It is important to check the intended SR topic for currency and novelty before conducting a systematic review to reduce the risk of conducting a redundant review.
There are various repositories and protocol registration platforms for food and nutrition associated topics within the context of human health. Food related reviews within the context of social sciences and environment are often archived by relevant institutes and indexed by relevant journal publishers. Repositories and organisations that may store food related systematic reviews are introduced here.
For other subject areas, a preliminary literature review can identify systematic review studies that are already available about the topic. It is important to plan and search all relevant databases including both multidisciplinary and subject specific databases to avoid missing any relevant reviews. You can find a list of food related databases here.
To narrow a search within a database to systematic reviews, add words like (review OR meta-analysis OR meta-analysis) to your search. If a database includes a filter for reviews, run an additional search without the (review OR meta-analysis OR meta-analysis) string. This filter will include reviews that are not systematic reviews, but the pool of results will be much smaller than a topic search without the filter.
Both quantity and quality of the available studies are determining factors in the feasibility of taking a systematic review approach. Once you know you have a research question that is valid, it is important to identify all sources of information and weigh the quality and quantity against the objective(s) of the intended review.
Lack of high-quality evidence is more likely to apply when a niche topic or a topic in an emerging field with limited background research is considered for review. Where financial interests of certain institutes or parties limit access to potential data sources it can be impossible to run an unbiased review.
An effective and quick method of estimating the extent and volume of evidence is scoping the topic before planning a full systematic review.
When a review question is already restricted by the topic (e.g., to a subpopulation or a specific study design), it is essential to identify where other appropriate sources of evidence are collected or maintained (e.g., government reports, unpublished studies, or relevant research institutes in the field). In such cases contacting lead researchers, organisations, and special collections through research platforms and websites could help. You can also find more on where to search for non-peer-reviewed sources in here.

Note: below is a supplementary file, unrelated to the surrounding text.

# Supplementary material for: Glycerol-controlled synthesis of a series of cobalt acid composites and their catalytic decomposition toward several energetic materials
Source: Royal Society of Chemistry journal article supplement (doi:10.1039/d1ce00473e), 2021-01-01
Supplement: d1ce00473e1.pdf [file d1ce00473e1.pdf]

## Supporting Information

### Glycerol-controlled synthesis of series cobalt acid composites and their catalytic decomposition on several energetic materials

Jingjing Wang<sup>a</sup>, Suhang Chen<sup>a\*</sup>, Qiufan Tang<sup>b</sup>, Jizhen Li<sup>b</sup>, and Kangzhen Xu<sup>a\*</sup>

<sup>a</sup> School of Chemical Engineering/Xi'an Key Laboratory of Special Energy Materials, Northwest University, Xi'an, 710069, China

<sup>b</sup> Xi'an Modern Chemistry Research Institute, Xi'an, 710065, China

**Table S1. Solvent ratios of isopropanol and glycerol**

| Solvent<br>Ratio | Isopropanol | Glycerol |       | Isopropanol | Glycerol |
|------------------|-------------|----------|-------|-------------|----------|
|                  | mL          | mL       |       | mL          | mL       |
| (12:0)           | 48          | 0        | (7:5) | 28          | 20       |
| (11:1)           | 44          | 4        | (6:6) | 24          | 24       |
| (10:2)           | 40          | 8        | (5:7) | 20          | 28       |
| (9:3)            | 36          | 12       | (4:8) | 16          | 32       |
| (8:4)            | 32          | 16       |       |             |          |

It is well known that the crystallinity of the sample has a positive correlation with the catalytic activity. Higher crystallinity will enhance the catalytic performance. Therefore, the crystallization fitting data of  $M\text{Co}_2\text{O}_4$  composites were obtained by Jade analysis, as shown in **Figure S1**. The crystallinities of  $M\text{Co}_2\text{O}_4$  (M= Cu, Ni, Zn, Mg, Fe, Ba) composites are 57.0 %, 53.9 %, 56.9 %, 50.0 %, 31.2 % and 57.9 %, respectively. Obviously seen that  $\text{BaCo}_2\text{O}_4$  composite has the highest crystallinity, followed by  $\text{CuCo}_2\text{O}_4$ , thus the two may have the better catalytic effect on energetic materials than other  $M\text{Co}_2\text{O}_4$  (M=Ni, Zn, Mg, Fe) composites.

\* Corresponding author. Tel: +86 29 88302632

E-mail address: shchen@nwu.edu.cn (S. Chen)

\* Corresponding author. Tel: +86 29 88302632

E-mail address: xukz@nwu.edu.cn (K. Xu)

Conducting high quality systematic review studies requires an expert knowledge of the topic and good understanding or experience of the methodology. Before or while detailing a review question, plan external inputs and identify people with appropriate knowledge and skills to consult their views accordingly. These might include funders, commissioners, stakeholders, consumers, advisory board members as well as librarians, information specialists and data statisticians. Considering potential parties and stakeholders to carry out the work in collaboration is useful when resources (time or budget) are limited.
Systematic reviews are resource intensive projects, and they require extensive literature searching and documentation. Securing access to the most and best relevant databases for comprehensive literature searching is crucial. Also, planning to use an appropriate reference management tool is critical for recording and managing references from the beginning of the project. The cost of subscription to relevant databases and reference management tools should be considered in budget planning.
Depending upon your affiliation, you may have access to many databases through a university library or other organisations. For researchers in Lower and Middle Income Countries (LMICs) it is worth checking if your research organisation is eligible for membership in Research4Life, which provides free or low-cost access to over 154,000 resources, including many databases.
Using the most relevant databases and supportive automation tools can help reviewers make the most of their valuable time and conduct high quality reviews. Currently a fair number of software packages designed for conducting systematic reviews is available which can help with automation and speed up the process. You can find a list of food-related databases here and for available tools here.